19 February 2006

Sinn Féin aims to broaden appeal

Sunday Business Post

By Pat Leahy
19 February 2006

Sinn Fein delegates gathered this weekend in the RDS in Dublin, anxious to put some difficult times of the past year behind them, and concentrate on the twin task of resurrecting the Northern peace process and becoming an unignorable force in southern politics. Both goals are within the party’s grasp within the next year or so. It will be an important year for Sinn Fe¤ in.

This time last year, Sinn Fe¤ in met under the cloud of the killing of Robert McCartney and the Northern Bank robbery. Those two events presaged a difficult year for the party and probably pre-empted the August declaration and disarmament by the IRA.

A year on, the fingers pointing at the party leadership are from within the party. The outing of Denis Donaldson, and the leadership’s explicit warnings that more informers were likely to be exposed, raised the fear among party activists that something was rotten at the top - some said the very top - of the organisation.

The leadership has been putting significant efforts into reassuring party members and the fruits of that labour can be seen as more than 2,000 delegates and observers assembled at the RDS, the largest gathering ever.

Almost 500 motions are tabled for discussion and, while these mean little in real political terms, they are often interesting as an insight into where the activists are.

In Sinn Fein’s case, that’s a curious mix of revolutionary and redistributionist socialism, aspirational campus legalist liberalism and old-style nationalism.

Occasionally, these rub against one another: one motion calls for the removal of the Catholic Church ethos from all schools and hospitals.

Another would mandate that a decade of the rosary be said at republican commemorations which are held on consecrated ground.

More seriously, several motions are critical of the leadership and many also express the fear that a deal on policing will be done.

Suggestions that the leadership are out of touch with the grassroots probably just show that the party is evolving into a normal political organisation, but policing is one issue on which there is genuine and widespread opposition throughout the party.

Nonetheless, despite the nervousness on these issues, spirits are high.

‘‘Sinn Fein is buoyant, no question about that,” said the party’s leader in the Dail, Caoimhghin O Caolain.

‘‘There was a time when you’d know all the members at a Sinn Fein ard fheis. Now you’d be struggling to know all the elected representatives.”

The party approaches the next election almost certain to make substantial seat gains. It currently holds five seats, attained with 7 per cent of the vote in the 2002 general election.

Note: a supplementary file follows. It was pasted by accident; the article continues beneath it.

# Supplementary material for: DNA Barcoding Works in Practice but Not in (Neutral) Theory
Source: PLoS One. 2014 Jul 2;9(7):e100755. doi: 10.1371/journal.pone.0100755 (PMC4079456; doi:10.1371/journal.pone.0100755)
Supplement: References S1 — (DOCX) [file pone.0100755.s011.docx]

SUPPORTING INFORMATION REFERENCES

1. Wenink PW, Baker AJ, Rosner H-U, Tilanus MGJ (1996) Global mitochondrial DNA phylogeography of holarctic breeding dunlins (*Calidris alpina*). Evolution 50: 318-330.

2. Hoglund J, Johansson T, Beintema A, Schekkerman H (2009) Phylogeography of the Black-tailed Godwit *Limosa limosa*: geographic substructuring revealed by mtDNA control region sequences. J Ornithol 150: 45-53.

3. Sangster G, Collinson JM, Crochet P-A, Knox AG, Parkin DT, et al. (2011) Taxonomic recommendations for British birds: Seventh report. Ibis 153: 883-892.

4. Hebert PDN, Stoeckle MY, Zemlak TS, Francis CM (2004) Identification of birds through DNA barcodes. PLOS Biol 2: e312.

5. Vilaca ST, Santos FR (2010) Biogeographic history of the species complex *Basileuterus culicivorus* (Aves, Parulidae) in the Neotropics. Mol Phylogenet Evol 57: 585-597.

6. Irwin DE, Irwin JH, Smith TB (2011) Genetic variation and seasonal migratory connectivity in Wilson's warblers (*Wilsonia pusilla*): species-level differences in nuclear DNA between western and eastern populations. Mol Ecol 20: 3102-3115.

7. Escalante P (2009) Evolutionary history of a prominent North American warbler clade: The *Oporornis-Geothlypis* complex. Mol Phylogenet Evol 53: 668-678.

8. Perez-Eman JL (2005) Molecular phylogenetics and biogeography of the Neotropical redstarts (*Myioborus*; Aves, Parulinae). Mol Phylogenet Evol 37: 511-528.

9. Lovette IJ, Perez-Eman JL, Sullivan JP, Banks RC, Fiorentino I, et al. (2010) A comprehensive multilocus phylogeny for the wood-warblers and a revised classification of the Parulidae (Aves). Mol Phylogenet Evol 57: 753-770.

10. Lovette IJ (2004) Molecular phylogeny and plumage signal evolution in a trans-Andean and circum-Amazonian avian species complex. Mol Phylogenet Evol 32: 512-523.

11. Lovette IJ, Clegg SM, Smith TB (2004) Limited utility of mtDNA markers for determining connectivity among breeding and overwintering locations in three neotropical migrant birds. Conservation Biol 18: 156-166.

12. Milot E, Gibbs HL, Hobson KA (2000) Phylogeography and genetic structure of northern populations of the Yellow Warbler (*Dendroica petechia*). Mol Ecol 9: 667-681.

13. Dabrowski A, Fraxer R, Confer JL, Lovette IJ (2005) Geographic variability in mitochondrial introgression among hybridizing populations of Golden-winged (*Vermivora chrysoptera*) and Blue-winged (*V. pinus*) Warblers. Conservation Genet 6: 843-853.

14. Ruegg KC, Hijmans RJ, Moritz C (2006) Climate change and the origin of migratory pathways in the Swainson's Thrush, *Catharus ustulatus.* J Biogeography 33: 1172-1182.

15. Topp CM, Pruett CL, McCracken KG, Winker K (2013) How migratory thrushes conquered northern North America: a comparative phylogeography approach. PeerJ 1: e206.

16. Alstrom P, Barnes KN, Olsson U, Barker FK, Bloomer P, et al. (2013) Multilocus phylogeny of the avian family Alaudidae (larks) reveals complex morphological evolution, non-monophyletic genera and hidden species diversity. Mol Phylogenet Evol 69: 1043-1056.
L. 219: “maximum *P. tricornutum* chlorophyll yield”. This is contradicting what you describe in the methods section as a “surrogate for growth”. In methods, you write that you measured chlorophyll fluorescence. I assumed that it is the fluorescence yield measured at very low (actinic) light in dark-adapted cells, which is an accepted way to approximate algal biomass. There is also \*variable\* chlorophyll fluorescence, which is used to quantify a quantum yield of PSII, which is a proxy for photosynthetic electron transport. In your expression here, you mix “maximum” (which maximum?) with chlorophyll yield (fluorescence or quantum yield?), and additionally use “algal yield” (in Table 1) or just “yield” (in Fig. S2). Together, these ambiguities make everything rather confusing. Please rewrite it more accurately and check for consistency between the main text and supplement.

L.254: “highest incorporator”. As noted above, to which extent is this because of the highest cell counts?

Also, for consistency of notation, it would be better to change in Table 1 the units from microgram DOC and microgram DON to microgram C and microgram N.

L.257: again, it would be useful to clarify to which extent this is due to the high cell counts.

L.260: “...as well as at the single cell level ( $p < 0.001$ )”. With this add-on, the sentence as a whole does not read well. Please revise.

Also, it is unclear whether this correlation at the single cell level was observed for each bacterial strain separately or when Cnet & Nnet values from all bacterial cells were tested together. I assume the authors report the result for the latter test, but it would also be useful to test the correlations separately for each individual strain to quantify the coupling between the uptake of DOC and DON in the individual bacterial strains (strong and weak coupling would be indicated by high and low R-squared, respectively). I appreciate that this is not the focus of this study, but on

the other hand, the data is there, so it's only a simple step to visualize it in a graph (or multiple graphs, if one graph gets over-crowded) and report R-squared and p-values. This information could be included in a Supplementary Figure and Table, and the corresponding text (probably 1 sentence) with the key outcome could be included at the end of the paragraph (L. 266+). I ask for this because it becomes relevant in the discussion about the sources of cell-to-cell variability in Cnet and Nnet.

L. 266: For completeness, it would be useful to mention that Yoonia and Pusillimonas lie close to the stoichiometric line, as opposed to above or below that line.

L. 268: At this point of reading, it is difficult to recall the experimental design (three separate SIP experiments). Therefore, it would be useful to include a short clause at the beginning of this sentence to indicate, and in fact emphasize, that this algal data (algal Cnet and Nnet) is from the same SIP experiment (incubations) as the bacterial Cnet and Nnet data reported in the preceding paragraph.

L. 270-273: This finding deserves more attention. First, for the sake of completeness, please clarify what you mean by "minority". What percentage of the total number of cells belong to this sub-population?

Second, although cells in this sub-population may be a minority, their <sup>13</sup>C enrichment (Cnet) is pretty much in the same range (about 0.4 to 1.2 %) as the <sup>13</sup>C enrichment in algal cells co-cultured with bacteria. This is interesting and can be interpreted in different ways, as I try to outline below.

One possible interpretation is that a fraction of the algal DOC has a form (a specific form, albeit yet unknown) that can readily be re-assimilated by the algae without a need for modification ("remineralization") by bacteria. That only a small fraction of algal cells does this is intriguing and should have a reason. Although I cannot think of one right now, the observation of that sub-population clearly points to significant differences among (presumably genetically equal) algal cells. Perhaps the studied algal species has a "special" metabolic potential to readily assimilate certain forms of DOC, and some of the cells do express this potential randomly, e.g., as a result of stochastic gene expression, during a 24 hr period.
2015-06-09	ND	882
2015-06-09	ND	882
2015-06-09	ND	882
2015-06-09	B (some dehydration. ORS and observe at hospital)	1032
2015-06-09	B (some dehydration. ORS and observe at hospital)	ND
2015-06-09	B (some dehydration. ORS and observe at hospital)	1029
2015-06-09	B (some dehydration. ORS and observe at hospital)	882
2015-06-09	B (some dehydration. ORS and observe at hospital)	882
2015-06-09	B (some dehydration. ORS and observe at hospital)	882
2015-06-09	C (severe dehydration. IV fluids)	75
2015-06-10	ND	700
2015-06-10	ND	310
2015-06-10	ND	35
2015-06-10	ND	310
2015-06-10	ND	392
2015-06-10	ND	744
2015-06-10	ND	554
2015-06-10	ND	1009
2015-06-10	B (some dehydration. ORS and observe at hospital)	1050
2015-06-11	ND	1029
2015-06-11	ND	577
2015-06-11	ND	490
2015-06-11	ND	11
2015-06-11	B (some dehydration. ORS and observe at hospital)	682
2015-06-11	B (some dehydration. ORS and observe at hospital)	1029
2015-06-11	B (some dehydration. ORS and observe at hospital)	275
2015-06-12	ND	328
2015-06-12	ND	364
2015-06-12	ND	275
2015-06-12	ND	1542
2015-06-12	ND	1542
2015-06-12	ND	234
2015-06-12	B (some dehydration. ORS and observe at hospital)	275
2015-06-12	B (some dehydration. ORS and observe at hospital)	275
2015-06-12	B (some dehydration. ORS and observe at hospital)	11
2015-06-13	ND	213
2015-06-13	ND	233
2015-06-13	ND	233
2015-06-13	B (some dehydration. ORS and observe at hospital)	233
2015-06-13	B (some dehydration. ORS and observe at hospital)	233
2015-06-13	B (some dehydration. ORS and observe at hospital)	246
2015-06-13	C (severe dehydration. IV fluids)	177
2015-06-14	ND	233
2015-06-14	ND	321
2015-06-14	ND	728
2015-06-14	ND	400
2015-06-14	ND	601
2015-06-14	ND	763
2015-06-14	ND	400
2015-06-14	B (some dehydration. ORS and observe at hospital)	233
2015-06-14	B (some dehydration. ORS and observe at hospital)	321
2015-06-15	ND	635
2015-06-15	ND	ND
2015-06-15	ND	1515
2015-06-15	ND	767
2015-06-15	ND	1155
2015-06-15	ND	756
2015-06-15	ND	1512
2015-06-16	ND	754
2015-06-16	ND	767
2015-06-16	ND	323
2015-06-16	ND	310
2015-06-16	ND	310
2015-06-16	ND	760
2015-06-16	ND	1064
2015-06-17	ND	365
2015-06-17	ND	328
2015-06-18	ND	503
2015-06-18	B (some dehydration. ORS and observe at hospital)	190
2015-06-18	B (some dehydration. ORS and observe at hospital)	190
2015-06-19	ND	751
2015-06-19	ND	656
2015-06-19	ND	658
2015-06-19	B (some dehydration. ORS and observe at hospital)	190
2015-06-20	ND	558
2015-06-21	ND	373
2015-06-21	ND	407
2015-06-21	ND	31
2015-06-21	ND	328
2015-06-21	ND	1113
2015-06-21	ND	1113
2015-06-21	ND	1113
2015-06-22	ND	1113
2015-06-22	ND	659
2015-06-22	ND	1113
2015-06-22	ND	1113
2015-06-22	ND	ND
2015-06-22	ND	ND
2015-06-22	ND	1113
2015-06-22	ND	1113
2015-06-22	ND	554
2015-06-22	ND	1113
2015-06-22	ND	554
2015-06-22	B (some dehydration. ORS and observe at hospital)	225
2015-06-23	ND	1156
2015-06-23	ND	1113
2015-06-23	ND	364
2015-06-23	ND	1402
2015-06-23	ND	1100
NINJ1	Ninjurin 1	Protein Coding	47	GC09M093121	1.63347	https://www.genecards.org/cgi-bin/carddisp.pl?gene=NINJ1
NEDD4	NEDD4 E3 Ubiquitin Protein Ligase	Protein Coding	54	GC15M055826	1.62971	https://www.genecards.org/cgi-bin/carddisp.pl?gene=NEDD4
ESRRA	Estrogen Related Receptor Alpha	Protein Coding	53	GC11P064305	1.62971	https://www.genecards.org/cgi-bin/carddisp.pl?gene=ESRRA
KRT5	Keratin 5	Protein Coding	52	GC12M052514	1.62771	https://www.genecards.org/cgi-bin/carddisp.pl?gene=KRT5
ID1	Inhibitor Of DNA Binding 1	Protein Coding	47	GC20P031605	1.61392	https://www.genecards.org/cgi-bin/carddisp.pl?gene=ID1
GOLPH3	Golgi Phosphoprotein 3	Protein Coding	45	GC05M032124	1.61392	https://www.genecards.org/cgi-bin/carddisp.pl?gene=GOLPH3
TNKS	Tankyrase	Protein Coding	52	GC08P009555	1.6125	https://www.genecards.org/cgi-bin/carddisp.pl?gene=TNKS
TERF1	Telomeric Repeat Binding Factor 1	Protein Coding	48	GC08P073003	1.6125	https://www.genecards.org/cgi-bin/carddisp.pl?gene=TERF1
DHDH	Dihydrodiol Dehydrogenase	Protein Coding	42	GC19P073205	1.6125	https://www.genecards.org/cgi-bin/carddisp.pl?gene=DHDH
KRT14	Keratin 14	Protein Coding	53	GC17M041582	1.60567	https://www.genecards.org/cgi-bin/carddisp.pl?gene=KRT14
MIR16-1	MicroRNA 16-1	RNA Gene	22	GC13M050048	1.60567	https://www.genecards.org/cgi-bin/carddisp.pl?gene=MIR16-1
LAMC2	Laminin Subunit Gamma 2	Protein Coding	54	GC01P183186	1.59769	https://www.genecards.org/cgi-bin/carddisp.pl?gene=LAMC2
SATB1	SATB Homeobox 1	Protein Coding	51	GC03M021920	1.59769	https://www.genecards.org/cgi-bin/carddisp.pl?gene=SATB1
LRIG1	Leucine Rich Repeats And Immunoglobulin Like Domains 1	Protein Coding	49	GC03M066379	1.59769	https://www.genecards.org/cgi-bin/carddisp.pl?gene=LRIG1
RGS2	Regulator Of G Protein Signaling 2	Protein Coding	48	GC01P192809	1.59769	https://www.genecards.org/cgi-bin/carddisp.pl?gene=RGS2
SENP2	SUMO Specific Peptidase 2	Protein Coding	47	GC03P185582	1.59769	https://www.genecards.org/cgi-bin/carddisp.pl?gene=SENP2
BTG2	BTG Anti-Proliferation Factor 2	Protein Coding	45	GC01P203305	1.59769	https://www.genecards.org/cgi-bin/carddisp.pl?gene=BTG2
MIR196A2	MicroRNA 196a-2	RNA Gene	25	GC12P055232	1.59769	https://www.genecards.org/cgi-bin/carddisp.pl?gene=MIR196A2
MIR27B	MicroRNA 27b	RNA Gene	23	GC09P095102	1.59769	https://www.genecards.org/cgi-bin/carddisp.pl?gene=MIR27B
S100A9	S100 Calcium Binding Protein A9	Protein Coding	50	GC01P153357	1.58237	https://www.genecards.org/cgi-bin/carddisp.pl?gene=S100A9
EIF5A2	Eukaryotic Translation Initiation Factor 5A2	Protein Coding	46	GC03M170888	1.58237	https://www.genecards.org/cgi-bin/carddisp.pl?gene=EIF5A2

In the local elections of 2004, the party took 8 per cent of the vote; opinion polls throughout last year put its support at 9 to 10 per cent.

Three weeks ago, the most recent Sunday Business Post/Red C poll put the party at 9 per cent.

There are two things to be said about Sinn Fein’s poll performance.

The first is that it represents steady gains from election to election.

The other is that its support appears to have levelled out in the last 12-18 months from which it isn’t moving. This suggests that Adams and Co have a lock on about 10 per cent of the voters, but they’re finding it hard to break out of that neighbourhood.

It makes the party a player in southern politics certainly but, at this stage, a minor one, and not one likely to feature in government for at least the immediate future.

Pulling in 9 to 10 per cent of the vote should certainly bring the party extra seats, and it’s entitled to feel confident about challenging strongly in Donegal South West, Mayo, and several constituencies on the northside of Dublin.

Wexford and/or Waterford would be a bonus. Sinn Fe¤ in may have missed the boat in Meath where one five-seater has become two three-seaters.

Both these constituencies have become three-seaters which are a much more difficult proposition for small parties.

Television viewers will be able to judge which candidates the party believes have the best chance of a seat by their proximity to Gerry Adams this weekend.

Success in individual constituencies depends on two things: strong candidates and their ability to attract transfers. For smaller parties, the challenge is always to find strong candidates which outperform the party - few candidates would be elected with just 10 per cent of the vote in their constituency.

Sinn Fe¤ in has strong challengers. Although - with the exception of O Caolain - its TDs have had little or no impact on the national stage, they are big presences in their constituencies.

Candidates such as Mary Lou McDonald and Pearse Doherty will be serious players.

Transfers are a different business.

Research conducted by The Sunday Business Post last year showed that, while events in the North didn’t affect Sinn Fein’s top-line or first preference support (the 9 to 10 per cent figure), those events did have an effect on the attitudes of other parties’ voters to the party.

It is these second-tier or lower preference voters to whom Sinn Fein seeks to appeal this weekend.

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